In the aftermath of the Westgate Mall attacks, a delicate interplay between sensitive forensic information, human rights, human stories and the perilous nature of emergency responses hangs in the balance. As more devastating details unravel, Kenyans reflect on what happened that day and on their fear, bravery and fragile hope. By KATE STEGEMAN.
By now, startling, often tragic and at times gruesome images of the events surrounding the Westgate mall terror attack have filled countless newspapers and social media platforms.
In-depth analysis as well as narrative accounts of armed gunmen, scores of victims, frightened people, the strategic use of politicised violence, hostage taking, and camo-clad soldiers have been carried across the world’s media.
There are also more tempered glimpses of less overt hostility – video footage of billowing smoke, scenes of blood-tinged feathers from pillows carried by customers trapped in department stores, abandoned pushchairs and multi-level escalators, of hands in the air.
The Al-Shabaab attack saw the violation of basic human rights as well as instilling fear and a security crisis in Kenya.
As the crisis entered its 12th day, and in the wake of mounting allegations of government bungling, obfuscation and security failures, official state reports conflict with those supplied by the Kenyan Red Cross.
Kenyan political activist, Robert Alai, told the Daily Maverick this week that there are conflicting reports and confusion surrounding the number of people affected by the massacre.
“We still don’t know what to believe about the death toll. The numbers range from 61 to 67 or 69. Bodies are still unaccounted for. Some have been found in hospitals and morgues, but what about other places?” asks Alai.
“Their relatives need answers. Earlier this week official figures of missing people went down to 39, but as government has not been clear, there is still mistrust of numbers, so this may not be accurate”.
The Kenyan government is accused of evading questions about intelligence failings but Interior Minister, Joseph Ole Lenku, has consistently maintained the information is confidential and cannot be released to the public. Earlier this week Lenku went on the record saying that Kenyan police did not have any outstanding missing persons reports, which prompted the anger of many Kenyans.
Amid the unanswered questions and unaccounted bodies, there are also numerous stories of courage and resourcefulness – of Kenyan’s who pushed back against the violence and misleading information plaguing their society.
Robert Mburu is one of those people. He managed to break down barriers, both literal and figurative, in a desperate attempt to secure the safety of his sister, Dorcas Mwangi, trapped inside the mall.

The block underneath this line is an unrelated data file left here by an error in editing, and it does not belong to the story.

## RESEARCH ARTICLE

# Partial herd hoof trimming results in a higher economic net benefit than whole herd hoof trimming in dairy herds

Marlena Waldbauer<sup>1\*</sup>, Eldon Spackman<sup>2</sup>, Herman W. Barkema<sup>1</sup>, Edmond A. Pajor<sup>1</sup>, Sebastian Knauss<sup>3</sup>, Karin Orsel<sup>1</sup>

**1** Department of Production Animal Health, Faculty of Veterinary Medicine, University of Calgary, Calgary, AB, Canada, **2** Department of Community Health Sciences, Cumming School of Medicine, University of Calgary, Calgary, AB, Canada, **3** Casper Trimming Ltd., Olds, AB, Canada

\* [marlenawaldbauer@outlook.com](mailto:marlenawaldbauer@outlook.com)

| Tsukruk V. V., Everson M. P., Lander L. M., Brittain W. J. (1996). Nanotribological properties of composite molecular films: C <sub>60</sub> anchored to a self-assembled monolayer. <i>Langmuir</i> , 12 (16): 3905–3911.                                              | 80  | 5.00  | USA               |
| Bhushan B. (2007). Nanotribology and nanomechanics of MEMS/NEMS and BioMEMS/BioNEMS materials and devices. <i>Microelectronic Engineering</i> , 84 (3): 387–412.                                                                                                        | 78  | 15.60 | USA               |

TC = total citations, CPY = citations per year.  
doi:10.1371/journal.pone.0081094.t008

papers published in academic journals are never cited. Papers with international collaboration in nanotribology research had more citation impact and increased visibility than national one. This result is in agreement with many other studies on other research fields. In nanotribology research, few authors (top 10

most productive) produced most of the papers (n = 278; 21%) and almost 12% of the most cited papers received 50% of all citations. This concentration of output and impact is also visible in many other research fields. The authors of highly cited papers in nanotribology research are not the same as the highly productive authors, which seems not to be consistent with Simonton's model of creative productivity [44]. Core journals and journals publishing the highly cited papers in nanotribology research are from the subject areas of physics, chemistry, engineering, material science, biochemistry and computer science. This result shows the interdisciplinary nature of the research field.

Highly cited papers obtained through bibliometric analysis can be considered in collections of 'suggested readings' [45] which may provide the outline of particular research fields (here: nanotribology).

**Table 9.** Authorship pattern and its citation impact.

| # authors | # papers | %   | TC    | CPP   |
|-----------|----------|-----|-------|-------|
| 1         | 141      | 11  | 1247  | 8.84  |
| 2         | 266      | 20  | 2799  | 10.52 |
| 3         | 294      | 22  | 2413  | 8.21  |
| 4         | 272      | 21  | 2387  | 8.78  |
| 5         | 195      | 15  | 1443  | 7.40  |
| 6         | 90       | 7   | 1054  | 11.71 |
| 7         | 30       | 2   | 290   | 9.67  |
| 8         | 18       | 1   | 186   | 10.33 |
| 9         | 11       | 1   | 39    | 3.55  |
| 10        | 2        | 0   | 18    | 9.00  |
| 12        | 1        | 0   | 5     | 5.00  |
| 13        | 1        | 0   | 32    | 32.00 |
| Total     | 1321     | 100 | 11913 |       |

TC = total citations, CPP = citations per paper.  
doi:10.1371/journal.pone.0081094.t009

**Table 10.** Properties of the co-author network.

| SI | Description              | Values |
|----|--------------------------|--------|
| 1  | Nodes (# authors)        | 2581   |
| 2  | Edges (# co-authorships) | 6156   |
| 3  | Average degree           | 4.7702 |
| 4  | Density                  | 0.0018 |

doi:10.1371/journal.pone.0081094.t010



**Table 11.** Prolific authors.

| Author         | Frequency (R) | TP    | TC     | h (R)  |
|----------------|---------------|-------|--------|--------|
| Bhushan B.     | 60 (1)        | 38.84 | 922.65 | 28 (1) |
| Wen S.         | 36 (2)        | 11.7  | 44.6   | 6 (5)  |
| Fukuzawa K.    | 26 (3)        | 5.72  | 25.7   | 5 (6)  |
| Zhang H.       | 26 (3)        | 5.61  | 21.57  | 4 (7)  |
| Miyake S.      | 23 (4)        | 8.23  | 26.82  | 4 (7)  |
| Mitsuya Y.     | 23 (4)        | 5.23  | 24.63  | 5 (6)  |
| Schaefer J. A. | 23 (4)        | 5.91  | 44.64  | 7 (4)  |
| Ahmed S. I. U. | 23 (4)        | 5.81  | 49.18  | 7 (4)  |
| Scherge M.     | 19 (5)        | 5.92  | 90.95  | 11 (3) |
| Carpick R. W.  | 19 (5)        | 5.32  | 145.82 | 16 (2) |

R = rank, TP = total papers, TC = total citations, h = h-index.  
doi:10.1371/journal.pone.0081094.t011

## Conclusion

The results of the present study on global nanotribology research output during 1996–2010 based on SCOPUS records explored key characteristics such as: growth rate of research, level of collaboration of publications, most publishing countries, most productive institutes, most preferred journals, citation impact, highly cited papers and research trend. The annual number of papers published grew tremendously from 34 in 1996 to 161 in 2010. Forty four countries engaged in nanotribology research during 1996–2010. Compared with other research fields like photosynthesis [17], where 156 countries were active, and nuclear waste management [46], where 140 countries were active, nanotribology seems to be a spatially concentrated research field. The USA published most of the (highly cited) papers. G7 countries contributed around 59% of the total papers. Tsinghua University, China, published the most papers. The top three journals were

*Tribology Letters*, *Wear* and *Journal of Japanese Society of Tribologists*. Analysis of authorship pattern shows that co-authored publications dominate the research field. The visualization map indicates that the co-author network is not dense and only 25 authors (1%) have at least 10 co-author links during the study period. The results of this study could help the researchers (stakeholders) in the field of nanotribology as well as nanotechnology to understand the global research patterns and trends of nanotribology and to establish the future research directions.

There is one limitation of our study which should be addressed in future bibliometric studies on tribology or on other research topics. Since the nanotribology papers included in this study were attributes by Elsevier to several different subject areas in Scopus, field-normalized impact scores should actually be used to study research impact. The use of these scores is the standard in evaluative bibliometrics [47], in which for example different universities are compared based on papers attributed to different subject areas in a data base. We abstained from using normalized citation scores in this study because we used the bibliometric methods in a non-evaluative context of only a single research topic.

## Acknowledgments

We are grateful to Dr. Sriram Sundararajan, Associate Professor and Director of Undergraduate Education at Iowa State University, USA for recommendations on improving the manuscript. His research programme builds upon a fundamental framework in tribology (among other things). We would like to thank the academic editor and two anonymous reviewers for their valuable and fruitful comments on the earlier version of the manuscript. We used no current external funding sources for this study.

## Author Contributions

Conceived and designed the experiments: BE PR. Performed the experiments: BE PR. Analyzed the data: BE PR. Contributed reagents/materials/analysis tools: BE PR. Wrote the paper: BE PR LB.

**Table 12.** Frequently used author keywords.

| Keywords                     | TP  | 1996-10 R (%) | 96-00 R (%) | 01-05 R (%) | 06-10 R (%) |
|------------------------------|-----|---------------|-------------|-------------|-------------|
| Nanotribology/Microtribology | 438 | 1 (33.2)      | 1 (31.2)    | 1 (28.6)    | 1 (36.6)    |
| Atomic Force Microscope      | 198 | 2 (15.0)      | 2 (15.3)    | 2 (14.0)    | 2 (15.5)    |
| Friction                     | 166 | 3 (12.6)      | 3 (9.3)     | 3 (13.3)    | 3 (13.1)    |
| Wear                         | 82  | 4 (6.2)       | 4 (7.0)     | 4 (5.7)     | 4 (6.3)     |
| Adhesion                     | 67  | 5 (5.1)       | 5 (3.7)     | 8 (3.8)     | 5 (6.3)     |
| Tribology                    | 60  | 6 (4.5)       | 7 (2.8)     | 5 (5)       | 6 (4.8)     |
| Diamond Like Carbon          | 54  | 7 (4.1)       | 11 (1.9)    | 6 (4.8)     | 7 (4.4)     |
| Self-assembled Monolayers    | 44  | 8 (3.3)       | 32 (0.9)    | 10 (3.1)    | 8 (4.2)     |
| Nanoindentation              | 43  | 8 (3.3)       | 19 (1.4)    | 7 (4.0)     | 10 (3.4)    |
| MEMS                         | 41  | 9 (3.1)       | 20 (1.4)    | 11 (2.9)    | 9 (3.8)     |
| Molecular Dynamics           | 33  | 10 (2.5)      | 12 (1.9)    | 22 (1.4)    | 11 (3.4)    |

During a telephonic conversation with the Daily Maverick this week, Mburu shared a highly detailed account of his involvement in the siege.
For Mburu, it all started with a confused phone call. At approximately 13:30 on Saturday, 21 September, while inside a bank 130 kilometers away from Nairobi, he heard that his sister had, minutes earlier, made a frantic call, pierced “with screaming and gun shots”, to their mother. She was at Westgate mall.
“I soon realised it was an emergency. I was in a state of panic, I was feeling so helpless and worried about my sister but I still drove my car to the mall as fast as I could,” says Mburu.
“I started getting information from friends [on WhatsApp] that it was a hostage situation… that gunmen were in Westgate, the whole mall was being held up and it someone confirmed… Al-Shabaab were involved”.
En route, Mburu sent a series of SMSes to his sister asking her: “Where are you… are you safe?” It took her nearly half an hour for her to reply that she was. “I texted her back to say ‘Don’t jeopardise your safety, don’t expose yourself… only text me when can’, ” says Mburu.
Once at the mall he ran to the police perimeter at one of the main entrances. “Even though the barricade was 200m away you could still hear gun shots. Ambulances were rushing in. I found my dad and mum and told them she had texted that she was hiding somewhere in Nakumat market,” says Mburu.
He described the scene as one of “chaos” with police, Kenya Red Cross officials and ambulances everywhere, people “pushing, shoving and screaming”. Mburu however, remained calm and thought to find his friend, “close to the presidential security”, who was outside the main mall. Mburu asked his friend to help get him past the police barrier. Soon after, he saw the arrival of “armed vehicles with soldiers carrying big guns”.
Meanwhile, his sister’s text messages revealed she was hiding behind some suitcases. She wasn’t alone. “Dorcas was in the pharmacy when she heard the gunshots. She tried to run outside but gunmen were on the parking deck so she was forced to run back in. Bullets were being fired helter-skelter… there was screaming, trampling like a stampede, bodies everywhere,” says Mburu.
Everyone in the mall, it didn’t matter if they woke up that morning in an affluent area or ‘the other side’, were huddled together. Dorcas let the woman next to her, a cleaner from Kibera [an informal settlement], use her phone to also SMS and stay in touch with her own family”.
By then Mburu had got through the police perimeter and had managed to tell his security expert friend exactly where his sister was. “I told him you have to talk to your connections, the rescue team and army commander and tell him Dorcas says people are getting out through the ceiling,” Mburu says.
The Daily Maverick asked if Mburu had learned of any details, via his sister’s SMSes or his security specialist friend, related to what the attackers were allegedly doing at the time.
“Yes. The terrorists [seemed to be] playing mind games… one gunman would randomly release rounds at a crowd of people so that they’d run in one direction. Then another guy would shoot them from the other side. People got sandwiched in between. It was well choreographed.”
The nature of the attack also ties into evidence-based suggestions that the killings were political, highly strategic and well planned. According to reports by The Guardian and BBC Africa al-Shabaab hired a shop in the Mall some weeks before the attack took place.
Mburu goes on to explain that by this time the Kenyan army was sweeping through stores, level by level, and when the commander gave the clear, heavily armed soldiers escorted people out.